The historic results display board 40 as shown in FIG. 8 includes two top rows of nine characters of 2.1 inches each and eight bottom rows of sixteen characters of 1.2 inches. While this is a custom display board, it is typically a "MenuWall" Display Panel as manufactured by the assignee of the present application. The "MenuWall" Display Panel stores data in pages and displays one result per page starting with the first race then in turn all other races until all the results have been displayed and the cycle starts again.
The doubles display board 42 as shown in FIG. 9 includes twelve lines of sixteen characters of 1.2 inches each and is typically another "MenuWall" Display Panel as manufactured by the assignee of the present application. The doubles display board is used to display the "Daily" and "Extra Doubles" for each meeting being run and includes sufficient space to display other information, if necessary, as received via decoder 26.
The clock display board 44 as shown in FIG. 10 is a time piece in the form of a 60 column display, typically an "InfoDataWall" Display Panel as manufactured by the assignee of the present application. The time is regularly updated by CPU 11, but, as a security measure, the time is ultimately controlled by the data stream received-via decoder 26 wherein a time stamp is included with each message.
As shown in FIG. 1, the header display board 28, the horses display board 30, the jockeys/odds display board 32, the formals display board 34 or 38 and the clock display board 44 (the first four of which are "DataWalls" and the fifth of which is treated as a "DataWall") communicate with the CPU 11 via the first RS232 serial port 50 at 9600 Baud, typically with 8 data bits, 2 stop bits and no parity. Similarly, the historic results display board 40 and the doubles display board 42 (both of which are "MenuWalls") communicate with the CPU 11 via the second RS232 serial port 51 at 2400 Baud with 13 pages, typically with 8 data bits, 2 stop bits and no parity.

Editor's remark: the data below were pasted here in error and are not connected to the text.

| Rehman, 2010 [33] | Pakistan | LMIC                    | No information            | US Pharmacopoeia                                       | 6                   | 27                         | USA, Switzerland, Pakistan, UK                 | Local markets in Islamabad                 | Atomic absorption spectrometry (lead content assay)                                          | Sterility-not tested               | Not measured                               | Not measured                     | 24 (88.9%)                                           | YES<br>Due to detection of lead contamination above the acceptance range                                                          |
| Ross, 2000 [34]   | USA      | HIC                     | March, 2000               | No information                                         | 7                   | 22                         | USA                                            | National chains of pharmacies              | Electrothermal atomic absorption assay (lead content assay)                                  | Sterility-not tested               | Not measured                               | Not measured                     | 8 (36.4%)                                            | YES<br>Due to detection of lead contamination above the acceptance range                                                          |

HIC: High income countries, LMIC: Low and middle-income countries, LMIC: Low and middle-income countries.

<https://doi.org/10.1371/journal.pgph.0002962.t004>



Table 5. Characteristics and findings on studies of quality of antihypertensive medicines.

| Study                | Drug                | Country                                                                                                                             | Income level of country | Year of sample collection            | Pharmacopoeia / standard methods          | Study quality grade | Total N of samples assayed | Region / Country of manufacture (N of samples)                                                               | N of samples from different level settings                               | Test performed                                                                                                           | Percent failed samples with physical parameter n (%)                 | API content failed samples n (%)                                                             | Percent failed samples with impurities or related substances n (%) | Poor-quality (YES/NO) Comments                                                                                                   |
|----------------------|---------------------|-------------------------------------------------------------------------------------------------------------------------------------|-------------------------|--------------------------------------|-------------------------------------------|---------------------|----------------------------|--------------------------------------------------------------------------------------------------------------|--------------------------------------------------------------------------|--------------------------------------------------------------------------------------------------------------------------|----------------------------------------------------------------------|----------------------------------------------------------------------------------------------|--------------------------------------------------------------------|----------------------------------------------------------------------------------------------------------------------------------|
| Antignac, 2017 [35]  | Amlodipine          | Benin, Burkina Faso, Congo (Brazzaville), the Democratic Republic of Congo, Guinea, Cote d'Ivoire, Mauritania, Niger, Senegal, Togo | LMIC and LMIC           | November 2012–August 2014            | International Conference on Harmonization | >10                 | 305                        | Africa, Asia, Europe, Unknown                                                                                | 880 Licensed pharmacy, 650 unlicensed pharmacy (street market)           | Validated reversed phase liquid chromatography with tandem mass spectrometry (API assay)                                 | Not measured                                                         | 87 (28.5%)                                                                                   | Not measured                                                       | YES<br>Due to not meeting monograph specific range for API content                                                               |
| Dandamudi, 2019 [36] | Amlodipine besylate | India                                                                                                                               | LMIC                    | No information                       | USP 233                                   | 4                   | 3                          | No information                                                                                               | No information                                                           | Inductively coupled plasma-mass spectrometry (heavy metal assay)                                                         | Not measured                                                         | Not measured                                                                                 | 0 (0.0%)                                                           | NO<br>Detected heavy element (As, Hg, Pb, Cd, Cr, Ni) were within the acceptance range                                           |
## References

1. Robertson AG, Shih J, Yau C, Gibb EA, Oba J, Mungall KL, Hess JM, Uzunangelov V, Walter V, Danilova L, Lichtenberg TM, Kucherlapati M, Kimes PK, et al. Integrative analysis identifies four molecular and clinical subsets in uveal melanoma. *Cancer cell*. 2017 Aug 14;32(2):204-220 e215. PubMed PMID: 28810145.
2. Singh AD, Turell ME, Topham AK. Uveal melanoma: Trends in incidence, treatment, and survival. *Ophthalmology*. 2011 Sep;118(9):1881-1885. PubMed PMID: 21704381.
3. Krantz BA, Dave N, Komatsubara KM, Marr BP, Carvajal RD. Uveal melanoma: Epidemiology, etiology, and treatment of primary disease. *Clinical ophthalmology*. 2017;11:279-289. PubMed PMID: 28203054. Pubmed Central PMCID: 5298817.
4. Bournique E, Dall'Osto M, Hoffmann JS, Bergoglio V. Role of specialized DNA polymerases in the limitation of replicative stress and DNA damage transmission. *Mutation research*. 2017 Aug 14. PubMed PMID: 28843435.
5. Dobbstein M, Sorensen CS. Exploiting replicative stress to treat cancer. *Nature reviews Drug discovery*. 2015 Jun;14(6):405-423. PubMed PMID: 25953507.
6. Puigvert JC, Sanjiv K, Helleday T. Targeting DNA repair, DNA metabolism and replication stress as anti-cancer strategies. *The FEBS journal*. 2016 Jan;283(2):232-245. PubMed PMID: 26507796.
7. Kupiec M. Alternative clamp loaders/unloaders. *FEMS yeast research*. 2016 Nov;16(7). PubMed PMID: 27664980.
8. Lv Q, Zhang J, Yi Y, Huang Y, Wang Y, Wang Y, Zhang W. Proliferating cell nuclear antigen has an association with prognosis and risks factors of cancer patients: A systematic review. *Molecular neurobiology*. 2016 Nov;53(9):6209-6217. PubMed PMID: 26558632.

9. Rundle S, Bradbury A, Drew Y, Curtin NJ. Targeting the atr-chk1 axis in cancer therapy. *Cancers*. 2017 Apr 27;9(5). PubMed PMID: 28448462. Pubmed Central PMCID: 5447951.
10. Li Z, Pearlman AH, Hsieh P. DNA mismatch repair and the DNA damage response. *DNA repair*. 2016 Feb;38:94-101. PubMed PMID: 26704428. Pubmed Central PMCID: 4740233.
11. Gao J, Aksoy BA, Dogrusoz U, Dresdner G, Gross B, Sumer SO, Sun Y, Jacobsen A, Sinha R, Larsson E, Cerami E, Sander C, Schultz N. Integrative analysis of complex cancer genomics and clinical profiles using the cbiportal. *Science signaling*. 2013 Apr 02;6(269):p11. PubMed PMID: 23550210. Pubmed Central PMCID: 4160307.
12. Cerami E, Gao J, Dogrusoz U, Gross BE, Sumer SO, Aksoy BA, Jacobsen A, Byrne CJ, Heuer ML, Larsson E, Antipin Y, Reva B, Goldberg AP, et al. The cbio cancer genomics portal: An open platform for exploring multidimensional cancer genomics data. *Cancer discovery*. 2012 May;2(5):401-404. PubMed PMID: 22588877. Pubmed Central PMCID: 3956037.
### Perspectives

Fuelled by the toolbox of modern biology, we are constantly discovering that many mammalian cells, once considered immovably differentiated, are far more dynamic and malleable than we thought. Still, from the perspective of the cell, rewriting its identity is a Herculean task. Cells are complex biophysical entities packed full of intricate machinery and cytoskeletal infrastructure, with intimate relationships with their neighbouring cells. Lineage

Alternately, as shown in FIG. 11, particularly for off-site betting parlor applications, the integrated display system may substitute CRT displays 60, 61, 62, 63 for the various LED displays 28, 30, 32, 34 (or 38), 40, 42 and 44. Due to the large amount of data to be displayed and the requirement for high resolution, twenty-seven inch VGA screens are typically used instead of standard television screens. Typically, one screen is assigned to each racetrack at the off-site betting parlor so that the bettors ("punters") can be informed of the action at several racetracks, with a single line LED display 66, 67, 68 or 69 (driven by CPU 11 via serial port 50) over each screen to label or display the track name associated with the given screen.
The opening of the screen for the upcoming race, the VGA data screens will display:
Due Start Time
Track & Weather Conditions
Main Data Screen information
Saddle Cloth Number
Full Horse Name
Gate Number ("Barrier Draw" in Australian parlance)
At given time spacings, such as 20, 15, 10 and 5 minutes (this example includes four time periods rather than the three time periods for the LED based display), prior to the race, the jockeys' names and weights are replaced with odds (i.e., "TAB approximate dividends" in Australian parlance). There are typically four columns of Win odds ("approximates") and one column of place odds ("approximates"). In this configuration, the CPU 11 is fitted with a six stack video driver board 65, which allows upgrading from four racetrack system displays to six racetrack system displays without computer hardware upgrades. The software of CPU 11 allows complete automated operation with minimal clerk intervention throughout both day and night events.
In off-site operation, modem 24 and/or decoder 26 receives frequent and periodic parimutuel data from a central source. In on-site operation, data is typically directly transmitted to CPU 11. This data is organized by the CPU 11 and broadcast to the various display boards or CRT screens 60, 61, 62, 63. Importantly, the frequent changes of the various odds due to the parimutuel system is transmitted to the jockeys/odds board 32 as described hereinabove for display.
Thus the several aforementioned objects and advantages are most effectively attained. Although a single preferred embodiment of the invention has been disclosed and described in detail herein, it should be understood that this invention is in no sense limited thereby and its scope is to be determined by that of the appended claims.
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|Clasificación de EE.UU.||463/25, 463/41, 463/30, 463/42, 463/40|
|Clasificación internacional||G07F17/32, G06F19/00, G07C15/00|
|Clasificación cooperativa||G07F17/3211, G07F17/32, G07C15/006, G07F17/3288|
|Clasificación europea||G07F17/32, G07F17/32P2, G07F17/32C2F, G07C15/00E|
|31 Oct 1994||AS||Assignment|
Owner name: TRANS-LUX CORPORATION, CONNECTICUT
Free format text: ASSIGNMENT OF ASSIGNORS INTEREST;ASSIGNOR:ALGIE, ROBERT;REEL/FRAME:007185/0090
Effective date: 19941018
|3 Abr 2000||FPAY||Fee payment|
Year of fee payment: 4
|5 May 2004||REMI||Maintenance fee reminder mailed|
|15 Oct 2004||LAPS||Lapse for failure to pay maintenance fees|
|14 Dic 2004||FP||Expired due to failure to pay maintenance fee|
Effective date: 20041015